This doesn’t mean you have to use poses or expressions that make you feel uncomfortable. You don’t have to reveal your insecurities if you don’t want to. Just remember to get out of your comfort zone, find new ways of modelling, and use them in your future work. (Also, it never hurts to ask for honest feedback.)
5. Trying to Attain Perfection
Typically, self portrait shoots are independent projects. They rarely involve other people (I’ll talk more about this later), which can result in boredom, low self-esteem, and indecisiveness.
When you’re not sure about how you look, no one’s there to give you a second opinion. When you’re tired of experimenting, no one’s there to cheer you on. As a result, you might make impulsive decisions and feel bad about yourself.
To avoid this, don’t seek perfection. Don’t instantly delete photos that you find unattractive. Instead, remove all the blurry photos and leave the rest. Refresh your mind with new activities and return to your photos when you’re ready.
Even a few hours of distractions will give you a new perspective and help you wisely pick the best self portraits.
6. Avoiding Artificial Light
Artificial light is often associated with harshness and unflattering features. If used the wrong way, it will definitely give you unimpressive results. If you learn how to manipulate it, however, it will become your best friend on days when you can’t depend on natural light.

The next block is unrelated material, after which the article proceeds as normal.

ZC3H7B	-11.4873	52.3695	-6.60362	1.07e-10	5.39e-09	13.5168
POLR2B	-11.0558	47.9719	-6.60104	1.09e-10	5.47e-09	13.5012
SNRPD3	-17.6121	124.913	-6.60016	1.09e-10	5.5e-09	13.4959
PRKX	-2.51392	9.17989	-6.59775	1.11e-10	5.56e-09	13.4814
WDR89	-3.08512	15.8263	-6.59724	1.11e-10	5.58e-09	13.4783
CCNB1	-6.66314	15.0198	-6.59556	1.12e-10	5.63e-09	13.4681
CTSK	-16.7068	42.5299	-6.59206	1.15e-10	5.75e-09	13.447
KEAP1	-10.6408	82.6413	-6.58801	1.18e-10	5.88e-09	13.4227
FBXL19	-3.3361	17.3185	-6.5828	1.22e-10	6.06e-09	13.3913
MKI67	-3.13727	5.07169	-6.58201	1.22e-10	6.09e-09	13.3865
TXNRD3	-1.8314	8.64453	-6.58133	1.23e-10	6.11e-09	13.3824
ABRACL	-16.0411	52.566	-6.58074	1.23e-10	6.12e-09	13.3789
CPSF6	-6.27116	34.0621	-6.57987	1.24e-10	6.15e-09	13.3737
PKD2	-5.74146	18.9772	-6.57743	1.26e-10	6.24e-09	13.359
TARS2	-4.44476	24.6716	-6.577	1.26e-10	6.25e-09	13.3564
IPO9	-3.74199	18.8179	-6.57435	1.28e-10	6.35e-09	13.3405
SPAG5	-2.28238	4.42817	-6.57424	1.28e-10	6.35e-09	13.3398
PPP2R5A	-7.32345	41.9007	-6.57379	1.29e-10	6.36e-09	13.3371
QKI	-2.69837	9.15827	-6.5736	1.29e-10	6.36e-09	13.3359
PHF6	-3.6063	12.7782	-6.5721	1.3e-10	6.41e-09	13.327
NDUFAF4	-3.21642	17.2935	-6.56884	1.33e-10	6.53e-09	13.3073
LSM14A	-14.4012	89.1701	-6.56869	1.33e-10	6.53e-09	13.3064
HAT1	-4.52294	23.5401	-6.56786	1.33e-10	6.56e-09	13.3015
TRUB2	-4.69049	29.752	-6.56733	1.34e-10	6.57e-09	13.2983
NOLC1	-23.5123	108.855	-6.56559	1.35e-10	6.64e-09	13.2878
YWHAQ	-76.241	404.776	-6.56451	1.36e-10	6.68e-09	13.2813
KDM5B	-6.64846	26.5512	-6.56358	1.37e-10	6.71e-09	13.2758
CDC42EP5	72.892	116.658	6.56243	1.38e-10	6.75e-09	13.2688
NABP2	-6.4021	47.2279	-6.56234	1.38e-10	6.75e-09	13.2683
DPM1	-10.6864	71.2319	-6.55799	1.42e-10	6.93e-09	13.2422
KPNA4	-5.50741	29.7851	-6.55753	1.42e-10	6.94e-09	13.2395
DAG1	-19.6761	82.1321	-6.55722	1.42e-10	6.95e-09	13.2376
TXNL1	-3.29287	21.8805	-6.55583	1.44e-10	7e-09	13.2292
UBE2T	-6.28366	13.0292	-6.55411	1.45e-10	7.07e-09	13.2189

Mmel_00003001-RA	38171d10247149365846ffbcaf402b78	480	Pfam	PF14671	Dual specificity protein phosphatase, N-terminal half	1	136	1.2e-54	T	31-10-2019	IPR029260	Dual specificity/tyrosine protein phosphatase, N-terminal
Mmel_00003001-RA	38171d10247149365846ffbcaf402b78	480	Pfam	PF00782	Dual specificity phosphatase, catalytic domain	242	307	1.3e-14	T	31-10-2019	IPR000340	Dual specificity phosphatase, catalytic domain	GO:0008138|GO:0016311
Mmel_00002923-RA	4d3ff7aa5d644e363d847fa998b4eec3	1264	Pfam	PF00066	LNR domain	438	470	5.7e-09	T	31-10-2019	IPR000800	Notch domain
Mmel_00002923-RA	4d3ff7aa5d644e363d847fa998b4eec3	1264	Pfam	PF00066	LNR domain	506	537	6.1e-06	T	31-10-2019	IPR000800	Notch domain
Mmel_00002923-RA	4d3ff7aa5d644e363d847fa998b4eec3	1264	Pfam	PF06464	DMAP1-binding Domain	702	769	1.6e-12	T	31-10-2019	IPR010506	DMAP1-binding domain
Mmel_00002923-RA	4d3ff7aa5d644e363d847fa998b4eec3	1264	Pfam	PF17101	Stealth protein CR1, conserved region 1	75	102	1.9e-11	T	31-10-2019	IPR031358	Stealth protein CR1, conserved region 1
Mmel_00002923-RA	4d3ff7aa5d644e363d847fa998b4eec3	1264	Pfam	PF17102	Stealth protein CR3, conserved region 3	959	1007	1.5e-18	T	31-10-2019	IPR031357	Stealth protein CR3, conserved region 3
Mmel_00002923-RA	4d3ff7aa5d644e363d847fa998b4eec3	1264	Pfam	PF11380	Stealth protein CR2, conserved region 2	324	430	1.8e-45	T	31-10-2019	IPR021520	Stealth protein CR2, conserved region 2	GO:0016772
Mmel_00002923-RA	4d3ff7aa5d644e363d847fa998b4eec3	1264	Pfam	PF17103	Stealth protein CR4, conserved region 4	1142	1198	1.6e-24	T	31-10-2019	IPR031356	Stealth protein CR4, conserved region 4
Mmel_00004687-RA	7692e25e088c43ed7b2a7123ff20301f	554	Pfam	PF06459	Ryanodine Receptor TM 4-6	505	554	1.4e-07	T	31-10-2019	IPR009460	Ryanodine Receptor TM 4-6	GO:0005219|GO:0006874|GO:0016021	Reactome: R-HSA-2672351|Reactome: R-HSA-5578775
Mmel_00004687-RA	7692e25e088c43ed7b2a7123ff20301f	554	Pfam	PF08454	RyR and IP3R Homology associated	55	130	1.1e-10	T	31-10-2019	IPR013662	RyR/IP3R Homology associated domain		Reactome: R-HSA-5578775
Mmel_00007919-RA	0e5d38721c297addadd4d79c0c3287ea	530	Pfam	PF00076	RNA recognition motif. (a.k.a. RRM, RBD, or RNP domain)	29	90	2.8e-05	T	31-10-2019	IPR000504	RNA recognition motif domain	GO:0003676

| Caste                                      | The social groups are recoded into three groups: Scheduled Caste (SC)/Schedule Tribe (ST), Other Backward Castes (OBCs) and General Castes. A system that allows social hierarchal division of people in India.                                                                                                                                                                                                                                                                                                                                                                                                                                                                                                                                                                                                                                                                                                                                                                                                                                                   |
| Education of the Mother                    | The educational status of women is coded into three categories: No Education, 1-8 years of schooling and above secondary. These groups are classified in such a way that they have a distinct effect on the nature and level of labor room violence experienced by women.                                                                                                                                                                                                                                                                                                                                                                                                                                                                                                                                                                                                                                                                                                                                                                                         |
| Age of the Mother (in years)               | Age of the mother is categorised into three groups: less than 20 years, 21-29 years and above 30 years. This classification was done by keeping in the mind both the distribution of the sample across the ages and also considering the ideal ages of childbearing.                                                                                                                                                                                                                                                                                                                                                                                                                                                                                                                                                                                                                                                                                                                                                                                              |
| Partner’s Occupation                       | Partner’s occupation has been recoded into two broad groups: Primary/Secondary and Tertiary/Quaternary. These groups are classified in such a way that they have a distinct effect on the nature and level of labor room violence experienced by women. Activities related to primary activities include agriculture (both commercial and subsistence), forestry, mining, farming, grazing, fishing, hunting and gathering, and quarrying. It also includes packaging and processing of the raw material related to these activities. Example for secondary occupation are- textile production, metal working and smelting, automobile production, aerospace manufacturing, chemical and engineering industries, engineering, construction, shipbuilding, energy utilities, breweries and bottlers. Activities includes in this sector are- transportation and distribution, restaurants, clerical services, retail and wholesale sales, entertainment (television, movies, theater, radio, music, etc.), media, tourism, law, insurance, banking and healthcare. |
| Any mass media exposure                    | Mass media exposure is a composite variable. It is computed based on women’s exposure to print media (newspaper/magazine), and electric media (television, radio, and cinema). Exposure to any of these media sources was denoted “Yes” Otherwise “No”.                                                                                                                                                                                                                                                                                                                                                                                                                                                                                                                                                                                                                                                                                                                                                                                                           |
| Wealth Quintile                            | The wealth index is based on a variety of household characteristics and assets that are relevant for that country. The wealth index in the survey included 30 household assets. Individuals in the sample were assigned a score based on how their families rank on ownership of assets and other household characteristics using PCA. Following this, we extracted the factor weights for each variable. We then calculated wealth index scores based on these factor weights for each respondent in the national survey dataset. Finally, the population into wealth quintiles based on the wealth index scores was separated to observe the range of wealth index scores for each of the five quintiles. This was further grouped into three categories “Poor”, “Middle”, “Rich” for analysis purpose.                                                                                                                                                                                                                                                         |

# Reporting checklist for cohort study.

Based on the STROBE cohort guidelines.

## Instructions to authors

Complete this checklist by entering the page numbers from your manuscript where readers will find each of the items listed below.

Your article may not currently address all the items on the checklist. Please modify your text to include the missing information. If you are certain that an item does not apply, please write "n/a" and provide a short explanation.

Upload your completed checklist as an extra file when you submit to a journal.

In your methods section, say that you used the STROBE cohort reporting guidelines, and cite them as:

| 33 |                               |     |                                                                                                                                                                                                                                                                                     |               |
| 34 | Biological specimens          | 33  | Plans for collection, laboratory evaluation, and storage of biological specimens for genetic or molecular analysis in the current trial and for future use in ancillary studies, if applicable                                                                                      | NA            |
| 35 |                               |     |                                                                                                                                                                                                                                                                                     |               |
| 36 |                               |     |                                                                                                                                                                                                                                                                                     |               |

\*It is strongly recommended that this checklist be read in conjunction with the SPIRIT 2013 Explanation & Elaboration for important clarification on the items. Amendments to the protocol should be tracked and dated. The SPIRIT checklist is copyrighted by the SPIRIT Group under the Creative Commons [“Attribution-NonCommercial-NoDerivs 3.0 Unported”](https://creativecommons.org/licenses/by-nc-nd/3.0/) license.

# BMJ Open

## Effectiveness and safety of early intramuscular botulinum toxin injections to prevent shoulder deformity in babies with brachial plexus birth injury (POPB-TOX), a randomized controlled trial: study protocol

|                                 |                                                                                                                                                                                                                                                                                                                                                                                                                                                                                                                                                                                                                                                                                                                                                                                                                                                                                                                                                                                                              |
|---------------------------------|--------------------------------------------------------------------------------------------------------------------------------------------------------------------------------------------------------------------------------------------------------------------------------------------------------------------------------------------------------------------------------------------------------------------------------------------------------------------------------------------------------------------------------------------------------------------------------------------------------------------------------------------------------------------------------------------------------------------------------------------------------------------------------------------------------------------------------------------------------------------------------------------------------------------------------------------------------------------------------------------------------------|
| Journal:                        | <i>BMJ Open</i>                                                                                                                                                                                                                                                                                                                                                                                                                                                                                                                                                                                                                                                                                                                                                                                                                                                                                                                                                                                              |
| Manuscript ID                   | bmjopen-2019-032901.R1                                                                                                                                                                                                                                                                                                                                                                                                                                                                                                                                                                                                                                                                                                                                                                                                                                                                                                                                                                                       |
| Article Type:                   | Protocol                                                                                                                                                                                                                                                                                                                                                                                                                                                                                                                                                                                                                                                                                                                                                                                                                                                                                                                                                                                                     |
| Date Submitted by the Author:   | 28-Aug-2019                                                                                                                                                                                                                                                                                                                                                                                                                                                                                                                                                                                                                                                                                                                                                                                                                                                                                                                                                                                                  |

I try to use natural light as much as possible, but I also believe in the power of artificial light. There’s so much you can do with accessible objects like lamps, torches, and even your phone. Here’s why they’re worth using in your self-portraits:
- They don’t have a time limit. Natural light depends on location and time, but artificial light is always available. This means you can experiment as much as you like; and
- Their intensity can be controlled with the help of materials. If a light is too harsh, cover it with something that won’t burn. Alternatively, make beautiful shadows with it!
Artificial light is very handy in self portrait photography because it demands a lot of patience. If you experimented with it while photographing someone else, you’d feel much more pressured to get the perfect shot. Without any models, you’ll have all the time you need to create the best possible masterpieces.